If $A, B, A^2-B^2$ are positive definite prove that $A-B$ is positive definite [closed]

If $A, B, A^2-B^2$ are real symmetric positive definite matrices, prove that $A-B$ is also positive definite .

closed as off-topic by Davide Giraudo, E. Joseph, qwr, Jack's wasted life, Michael AlbaneseNov 17 '16 at 2:50

This question appears to be off-topic. The users who voted to close gave this specific reason:

• "This question is missing context or other details: Please improve the question by providing additional context, which ideally includes your thoughts on the problem and any attempts you have made to solve it. This information helps others identify where you have difficulties and helps them write answers appropriate to your experience level." – Davide Giraudo, E. Joseph, qwr, Jack's wasted life, Michael Albanese
If this question can be reworded to fit the rules in the help center, please edit the question.

• @kotomord but we don't have AB=BA – Idele Nov 16 '16 at 10:45
• One answer is given here – Omnomnomnom Nov 16 '16 at 12:58

Let $M> 0$ mean that $M$ is positive definite. We have $$A^2 - B^2 > 0 \implies\\ A^{-1}(A^2 - B^2)A^{-1} > 0 \implies\\ I - A^{-1}B^2A^{-1} > 0$$ Thus, $A^{-1}B^2A^{-1} = (BA^{-1})^T(BA^{-1})$ is positive definite with eigenvalues strictly less than $1$. Since the spectral norm $\|BA^{-1}\|$ is at most $1$, conclude that the eigenvalues of $BA^{-1}$ are all at most $1$ (in absolute value).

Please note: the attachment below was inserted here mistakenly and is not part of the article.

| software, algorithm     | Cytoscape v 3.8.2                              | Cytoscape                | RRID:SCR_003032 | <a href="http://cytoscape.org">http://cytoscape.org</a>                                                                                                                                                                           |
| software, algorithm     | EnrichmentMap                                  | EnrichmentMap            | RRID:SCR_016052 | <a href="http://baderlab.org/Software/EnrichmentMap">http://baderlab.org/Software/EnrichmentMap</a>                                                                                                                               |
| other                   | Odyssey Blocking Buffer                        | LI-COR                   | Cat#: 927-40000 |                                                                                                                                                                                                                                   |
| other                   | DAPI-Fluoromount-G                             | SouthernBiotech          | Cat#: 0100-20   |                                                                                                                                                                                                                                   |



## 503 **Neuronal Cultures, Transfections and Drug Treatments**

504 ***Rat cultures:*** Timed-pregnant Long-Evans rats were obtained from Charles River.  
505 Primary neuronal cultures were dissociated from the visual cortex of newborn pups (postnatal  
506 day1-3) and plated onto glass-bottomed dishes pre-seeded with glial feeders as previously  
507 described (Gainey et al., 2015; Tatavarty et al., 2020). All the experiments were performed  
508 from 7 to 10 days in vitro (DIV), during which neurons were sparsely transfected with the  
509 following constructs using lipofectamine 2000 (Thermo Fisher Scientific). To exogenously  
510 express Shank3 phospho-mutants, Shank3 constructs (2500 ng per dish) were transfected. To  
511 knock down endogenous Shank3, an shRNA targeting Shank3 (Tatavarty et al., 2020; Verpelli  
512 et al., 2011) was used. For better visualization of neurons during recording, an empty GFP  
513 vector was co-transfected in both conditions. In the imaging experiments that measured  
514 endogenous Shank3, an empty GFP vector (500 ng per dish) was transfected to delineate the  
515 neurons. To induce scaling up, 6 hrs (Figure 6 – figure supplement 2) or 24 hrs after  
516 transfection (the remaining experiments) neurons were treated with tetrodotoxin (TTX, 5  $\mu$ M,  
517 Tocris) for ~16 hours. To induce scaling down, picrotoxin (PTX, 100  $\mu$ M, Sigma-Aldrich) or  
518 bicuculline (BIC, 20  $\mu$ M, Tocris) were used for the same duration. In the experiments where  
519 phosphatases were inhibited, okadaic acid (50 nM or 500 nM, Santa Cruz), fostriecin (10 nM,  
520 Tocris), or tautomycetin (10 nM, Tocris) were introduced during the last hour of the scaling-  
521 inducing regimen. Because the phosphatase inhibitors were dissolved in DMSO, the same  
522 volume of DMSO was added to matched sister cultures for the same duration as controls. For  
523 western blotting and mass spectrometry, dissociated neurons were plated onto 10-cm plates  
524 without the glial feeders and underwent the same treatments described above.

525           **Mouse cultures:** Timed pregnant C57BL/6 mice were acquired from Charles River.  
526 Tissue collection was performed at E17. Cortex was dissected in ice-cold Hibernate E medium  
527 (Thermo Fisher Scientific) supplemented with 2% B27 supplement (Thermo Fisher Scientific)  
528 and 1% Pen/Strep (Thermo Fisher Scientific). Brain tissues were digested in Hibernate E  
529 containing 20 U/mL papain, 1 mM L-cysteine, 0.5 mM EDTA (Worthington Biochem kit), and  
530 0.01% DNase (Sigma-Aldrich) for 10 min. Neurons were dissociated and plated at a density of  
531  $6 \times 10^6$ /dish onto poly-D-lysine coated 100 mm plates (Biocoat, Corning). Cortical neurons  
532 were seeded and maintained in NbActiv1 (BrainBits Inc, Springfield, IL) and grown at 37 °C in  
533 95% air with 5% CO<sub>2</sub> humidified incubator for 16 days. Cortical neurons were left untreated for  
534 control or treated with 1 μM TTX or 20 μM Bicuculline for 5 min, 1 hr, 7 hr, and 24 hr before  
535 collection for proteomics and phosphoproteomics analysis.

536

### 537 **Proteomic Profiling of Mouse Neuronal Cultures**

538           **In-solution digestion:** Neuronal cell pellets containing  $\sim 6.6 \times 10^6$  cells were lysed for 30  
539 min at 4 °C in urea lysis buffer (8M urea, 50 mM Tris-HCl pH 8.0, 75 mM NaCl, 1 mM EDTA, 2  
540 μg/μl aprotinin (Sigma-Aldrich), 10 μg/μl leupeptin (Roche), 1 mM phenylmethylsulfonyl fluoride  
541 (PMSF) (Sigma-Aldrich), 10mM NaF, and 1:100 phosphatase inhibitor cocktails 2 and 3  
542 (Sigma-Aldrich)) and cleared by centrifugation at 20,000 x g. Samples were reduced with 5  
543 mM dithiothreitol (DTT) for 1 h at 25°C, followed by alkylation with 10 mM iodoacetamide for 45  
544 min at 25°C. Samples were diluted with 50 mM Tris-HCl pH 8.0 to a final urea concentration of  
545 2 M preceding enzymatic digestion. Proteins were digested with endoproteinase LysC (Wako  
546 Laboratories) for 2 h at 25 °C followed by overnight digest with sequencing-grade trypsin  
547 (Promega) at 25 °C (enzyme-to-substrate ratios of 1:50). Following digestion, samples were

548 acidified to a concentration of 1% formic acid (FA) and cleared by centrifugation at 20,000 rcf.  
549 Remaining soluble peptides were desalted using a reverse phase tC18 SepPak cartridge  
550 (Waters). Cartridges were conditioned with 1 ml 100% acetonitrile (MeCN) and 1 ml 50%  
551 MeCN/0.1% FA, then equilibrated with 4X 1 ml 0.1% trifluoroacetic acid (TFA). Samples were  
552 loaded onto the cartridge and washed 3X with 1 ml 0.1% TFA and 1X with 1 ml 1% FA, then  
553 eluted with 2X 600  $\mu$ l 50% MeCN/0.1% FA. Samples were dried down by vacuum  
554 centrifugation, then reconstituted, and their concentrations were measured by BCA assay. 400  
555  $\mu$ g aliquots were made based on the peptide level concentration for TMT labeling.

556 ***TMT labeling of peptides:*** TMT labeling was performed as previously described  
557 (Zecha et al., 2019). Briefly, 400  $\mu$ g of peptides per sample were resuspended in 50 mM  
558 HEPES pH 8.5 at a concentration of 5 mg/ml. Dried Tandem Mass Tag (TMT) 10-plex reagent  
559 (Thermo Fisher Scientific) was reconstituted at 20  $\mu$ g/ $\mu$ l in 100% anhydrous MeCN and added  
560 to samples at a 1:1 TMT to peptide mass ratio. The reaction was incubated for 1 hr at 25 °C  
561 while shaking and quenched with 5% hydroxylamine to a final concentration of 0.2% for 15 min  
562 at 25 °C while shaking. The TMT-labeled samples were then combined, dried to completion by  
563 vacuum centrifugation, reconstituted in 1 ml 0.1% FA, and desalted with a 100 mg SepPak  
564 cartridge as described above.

Thus, the matrix $A^{-1/2}BA^{-1/2} = A^{-1/2}(BA^{-1})A^{1/2}$ is positive definite with eigenvalues at most $1$. Thus, we have $$I - A^{-1/2}BA^{-1/2} > 0 \implies\\ A^{1/2}(I - A^{-1/2}BA^{-1/2})A^{1/2} > 0 \implies\\ A - B > 0$$ which was the desired conclusion.

• Hello, what if we have $A,B,A-B$ non-negative definite matrix (which means we may not have $A^{-1}$) , can we have $\sqrt{A}-\sqrt{B}$ also is non-negative definite matrix? Thanks. – Idele Jan 17 '17 at 16:02
• @hctb yes, that's equivalent to the question you asked here. If you want to know more, perhaps you should post a new question. – Omnomnomnom Jan 17 '17 at 16:07
• math.stackexchange.com/q/2101727/190802 ok i posted it:p – Idele Jan 17 '17 at 16:16

Denote $A^{1/2}$ to be the Hermitian square root of $A$ and $\rho$ to be the spectral radius.

Hint: $A^2-B^2>0$ $\Leftrightarrow$ $I-A^{-1}BBA^{-1}>0$ $\Leftrightarrow$ $\|BA^{-1}\|<1$ $\Rightarrow$ $\rho(BA^{-1})<1$ $\Leftrightarrow$ $\rho(A^{-1/2}BA^{-1/2})<1$ $\Leftrightarrow$ $I-A^{-1/2}BA^{-1/2}>0$ $\Leftrightarrow$ $A-B>0$.

Try to work out all the implications.